Marina felt the emotion in his voice and realized it was the most he had said since she met him. “What could they do? They were in an army.”

“Run away. Just leave their swords behind.”

“Did you know the Romans tattooed soldiers to catch them if they deserted? Then they killed them.”

“Maybe it was worth taking the chance.”

Leon was being serious, his face grim, and she didn’t like it. So she snatched the straw hat off his head by the brim and ran across the park. For a second he stood flatfooted, then ran after her. She let him catch up to her, but when he came close, jumped onto a bench, holding the hat high above her head. He leaped from the ground and came inches from grabbing it, then climbed onto the bench beside her and seized her around the waist. She had been laughing, but he wasn’t. She quickly set the hat on his head and pulled away.

As Leon adjusted the hat, Marina ran from the park, down the hill, sandals slapping at the stones, moving away from him, winding through the crowds and turning into an alley that led toward the river. She stopped to look for Leon following her and saw no sign of him, wondering if she should be relieved. But there he was, standing in the middle of a wide bridge, a man bewildered.

She thought for a moment and decided to call his name, “Leon,” waving to him from the steps of a cathedral.

In the square behind the cathedral, a Brazilian samba band performed from a tier of wooden bleachers, dozens of players in bright red shirts and green silk sashes, barelegged female dancers with high-piled hair shaking gourds and castanets, plump, dark-skinned, throwing themselves into the rhythm. Marina started to dance too, on the sidewalk by herself, emulating the women, tossing her hair so hard the barrette flew loose. Leon knelt on the concrete to retrieve it as people paused to watch her.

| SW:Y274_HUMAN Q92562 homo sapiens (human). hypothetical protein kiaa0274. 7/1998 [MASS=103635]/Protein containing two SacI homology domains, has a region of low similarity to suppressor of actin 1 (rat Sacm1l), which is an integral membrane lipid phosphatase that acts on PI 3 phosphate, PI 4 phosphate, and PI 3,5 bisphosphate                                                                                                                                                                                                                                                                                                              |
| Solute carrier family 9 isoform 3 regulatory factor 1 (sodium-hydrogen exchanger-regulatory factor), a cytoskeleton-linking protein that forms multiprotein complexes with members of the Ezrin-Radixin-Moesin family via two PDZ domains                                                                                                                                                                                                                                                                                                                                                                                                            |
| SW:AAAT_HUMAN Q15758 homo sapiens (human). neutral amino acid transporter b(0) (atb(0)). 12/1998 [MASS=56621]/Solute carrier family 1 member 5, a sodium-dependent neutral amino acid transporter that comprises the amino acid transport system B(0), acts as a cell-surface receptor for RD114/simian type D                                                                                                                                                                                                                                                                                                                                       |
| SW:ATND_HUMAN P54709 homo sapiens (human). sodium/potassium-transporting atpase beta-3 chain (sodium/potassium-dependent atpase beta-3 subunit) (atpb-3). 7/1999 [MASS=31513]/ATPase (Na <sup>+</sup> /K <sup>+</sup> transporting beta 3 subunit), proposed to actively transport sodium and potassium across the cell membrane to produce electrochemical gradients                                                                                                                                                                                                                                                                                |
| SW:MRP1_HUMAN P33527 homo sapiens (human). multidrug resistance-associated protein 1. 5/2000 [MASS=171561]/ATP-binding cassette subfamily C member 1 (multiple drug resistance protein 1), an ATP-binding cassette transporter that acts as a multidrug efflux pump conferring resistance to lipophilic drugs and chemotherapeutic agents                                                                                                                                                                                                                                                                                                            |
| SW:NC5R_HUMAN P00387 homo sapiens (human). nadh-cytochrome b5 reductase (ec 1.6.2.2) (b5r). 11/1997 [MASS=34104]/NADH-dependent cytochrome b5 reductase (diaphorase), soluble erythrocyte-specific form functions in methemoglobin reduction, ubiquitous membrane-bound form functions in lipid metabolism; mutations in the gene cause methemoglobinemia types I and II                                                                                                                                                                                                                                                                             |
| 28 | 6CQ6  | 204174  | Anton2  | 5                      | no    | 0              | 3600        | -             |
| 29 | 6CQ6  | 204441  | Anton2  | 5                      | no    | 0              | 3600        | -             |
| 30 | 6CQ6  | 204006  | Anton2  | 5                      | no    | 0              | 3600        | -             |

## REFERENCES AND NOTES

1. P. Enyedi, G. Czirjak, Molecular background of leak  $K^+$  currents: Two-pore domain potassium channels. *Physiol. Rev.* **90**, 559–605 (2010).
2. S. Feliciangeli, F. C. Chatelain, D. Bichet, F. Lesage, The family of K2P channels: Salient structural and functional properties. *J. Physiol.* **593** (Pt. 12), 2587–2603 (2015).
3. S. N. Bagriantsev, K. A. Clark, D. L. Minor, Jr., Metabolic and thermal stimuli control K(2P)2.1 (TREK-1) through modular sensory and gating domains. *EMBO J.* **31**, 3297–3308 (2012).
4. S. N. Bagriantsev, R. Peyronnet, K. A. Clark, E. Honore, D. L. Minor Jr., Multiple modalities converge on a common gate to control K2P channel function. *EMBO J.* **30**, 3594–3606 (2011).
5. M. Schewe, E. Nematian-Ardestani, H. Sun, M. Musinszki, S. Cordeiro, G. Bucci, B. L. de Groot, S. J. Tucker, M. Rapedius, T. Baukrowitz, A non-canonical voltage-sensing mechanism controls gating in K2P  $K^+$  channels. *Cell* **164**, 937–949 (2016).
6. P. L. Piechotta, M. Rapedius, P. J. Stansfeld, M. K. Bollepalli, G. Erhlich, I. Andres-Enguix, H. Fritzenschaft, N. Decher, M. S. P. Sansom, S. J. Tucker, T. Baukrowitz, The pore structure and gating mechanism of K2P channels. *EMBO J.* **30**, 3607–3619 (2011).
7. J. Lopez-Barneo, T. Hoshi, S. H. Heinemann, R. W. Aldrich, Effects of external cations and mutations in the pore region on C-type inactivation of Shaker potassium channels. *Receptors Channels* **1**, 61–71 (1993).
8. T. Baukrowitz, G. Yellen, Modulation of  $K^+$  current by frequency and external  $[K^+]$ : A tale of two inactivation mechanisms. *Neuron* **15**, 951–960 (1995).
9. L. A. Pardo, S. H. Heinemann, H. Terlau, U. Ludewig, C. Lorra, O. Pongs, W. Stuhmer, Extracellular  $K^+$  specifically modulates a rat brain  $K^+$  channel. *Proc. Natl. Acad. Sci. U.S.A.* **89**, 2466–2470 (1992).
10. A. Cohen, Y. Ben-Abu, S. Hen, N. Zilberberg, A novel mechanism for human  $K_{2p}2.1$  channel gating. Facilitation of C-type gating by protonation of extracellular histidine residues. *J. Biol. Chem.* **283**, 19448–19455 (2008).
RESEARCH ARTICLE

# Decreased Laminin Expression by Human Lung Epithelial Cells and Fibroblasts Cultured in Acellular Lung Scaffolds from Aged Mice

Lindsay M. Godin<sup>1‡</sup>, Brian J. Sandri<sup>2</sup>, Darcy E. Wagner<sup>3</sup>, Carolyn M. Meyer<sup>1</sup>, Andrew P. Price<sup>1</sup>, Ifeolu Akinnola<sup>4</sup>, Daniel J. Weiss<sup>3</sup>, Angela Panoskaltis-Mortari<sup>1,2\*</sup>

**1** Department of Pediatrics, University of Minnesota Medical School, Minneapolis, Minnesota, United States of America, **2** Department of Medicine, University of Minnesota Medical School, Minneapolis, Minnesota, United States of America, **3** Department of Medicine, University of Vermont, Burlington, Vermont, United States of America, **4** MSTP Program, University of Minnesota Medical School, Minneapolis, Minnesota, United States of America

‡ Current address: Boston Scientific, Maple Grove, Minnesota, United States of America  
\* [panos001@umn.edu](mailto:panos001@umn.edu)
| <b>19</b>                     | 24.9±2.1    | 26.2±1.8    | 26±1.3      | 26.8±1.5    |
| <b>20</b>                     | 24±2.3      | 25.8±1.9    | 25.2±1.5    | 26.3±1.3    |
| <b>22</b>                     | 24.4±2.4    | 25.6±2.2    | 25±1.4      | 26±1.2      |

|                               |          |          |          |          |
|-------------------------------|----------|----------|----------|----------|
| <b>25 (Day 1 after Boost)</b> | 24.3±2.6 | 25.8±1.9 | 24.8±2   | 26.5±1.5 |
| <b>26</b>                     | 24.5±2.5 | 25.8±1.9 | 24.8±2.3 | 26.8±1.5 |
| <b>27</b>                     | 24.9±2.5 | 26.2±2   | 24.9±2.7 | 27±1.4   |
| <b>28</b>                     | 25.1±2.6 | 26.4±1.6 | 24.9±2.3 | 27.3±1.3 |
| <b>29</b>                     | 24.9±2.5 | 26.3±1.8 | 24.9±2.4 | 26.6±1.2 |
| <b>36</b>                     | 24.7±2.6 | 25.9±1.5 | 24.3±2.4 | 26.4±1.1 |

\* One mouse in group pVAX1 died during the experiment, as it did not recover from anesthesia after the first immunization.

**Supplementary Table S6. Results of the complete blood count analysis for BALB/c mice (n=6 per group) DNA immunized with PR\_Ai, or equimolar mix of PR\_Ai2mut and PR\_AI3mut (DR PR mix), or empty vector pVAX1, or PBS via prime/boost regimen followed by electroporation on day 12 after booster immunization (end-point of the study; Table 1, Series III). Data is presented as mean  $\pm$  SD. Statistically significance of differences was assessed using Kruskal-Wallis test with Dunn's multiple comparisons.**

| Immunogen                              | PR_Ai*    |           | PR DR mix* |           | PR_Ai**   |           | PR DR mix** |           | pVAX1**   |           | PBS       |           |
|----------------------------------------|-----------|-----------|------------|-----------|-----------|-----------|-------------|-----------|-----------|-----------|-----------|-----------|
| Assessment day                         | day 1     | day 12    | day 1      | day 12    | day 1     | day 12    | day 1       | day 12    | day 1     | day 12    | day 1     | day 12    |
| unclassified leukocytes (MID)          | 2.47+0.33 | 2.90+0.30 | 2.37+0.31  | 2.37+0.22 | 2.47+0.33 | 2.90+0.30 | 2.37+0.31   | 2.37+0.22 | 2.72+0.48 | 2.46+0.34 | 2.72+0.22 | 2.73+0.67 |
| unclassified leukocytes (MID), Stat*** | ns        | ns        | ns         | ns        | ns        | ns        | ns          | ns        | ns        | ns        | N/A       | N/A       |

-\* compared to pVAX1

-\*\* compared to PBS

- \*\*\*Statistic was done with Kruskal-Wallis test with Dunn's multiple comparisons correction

“Dance with me.” She opened her arms and wondered if he would step toward her.

He looked down at his dark boots and tried to follow her steps, then stopped and shook his head. “I’m not nearly as good.”

“Why should that matter?” She fixed her hair with the barrette, then reached back and pulled him after her. “So much to see. So much to do.”

They walked for several hours, up and down hills, along the river, around a lake, through neighborhoods, Marina always finding something to be fascinated about — a doorway, flowers in the windows, the shape of a roof, an orange cat that purred and rubbed her legs. She spoke her excitement, curious to see if he would react beyond silent nods, frustrated that he didn’t.

When the sky began to darken, deep shadows falling on the streets ahead, she checked her watch. “Almost time for the ceremonies.”

Night seemed to be bringing out even more people, more noise, crowds spilling onto the side streets. Back along the water they couldn’t find another outdoor table and had to join the diners in a dim basement restaurant, the food lukewarm and bland. After a few bites, Leon just poked at it with his fork. Marina ordered brandy, swishing the thick amber in the snifter, inhaling deeply, sipping.

When an amplified voice resounded from the night outside, she gulped the drink. “It’s started. Let’s go.”

Leon insisted on paying, unrolling bills stuffed into his pocket, Marina urging him to hurry.

So many people packed the street outside the restaurant they couldn’t move for a view by the water, just stood pushed against a building. A voice blared from loudspeakers on tall white poles, announcing in a German so distorted by volume that she had to strain to understand.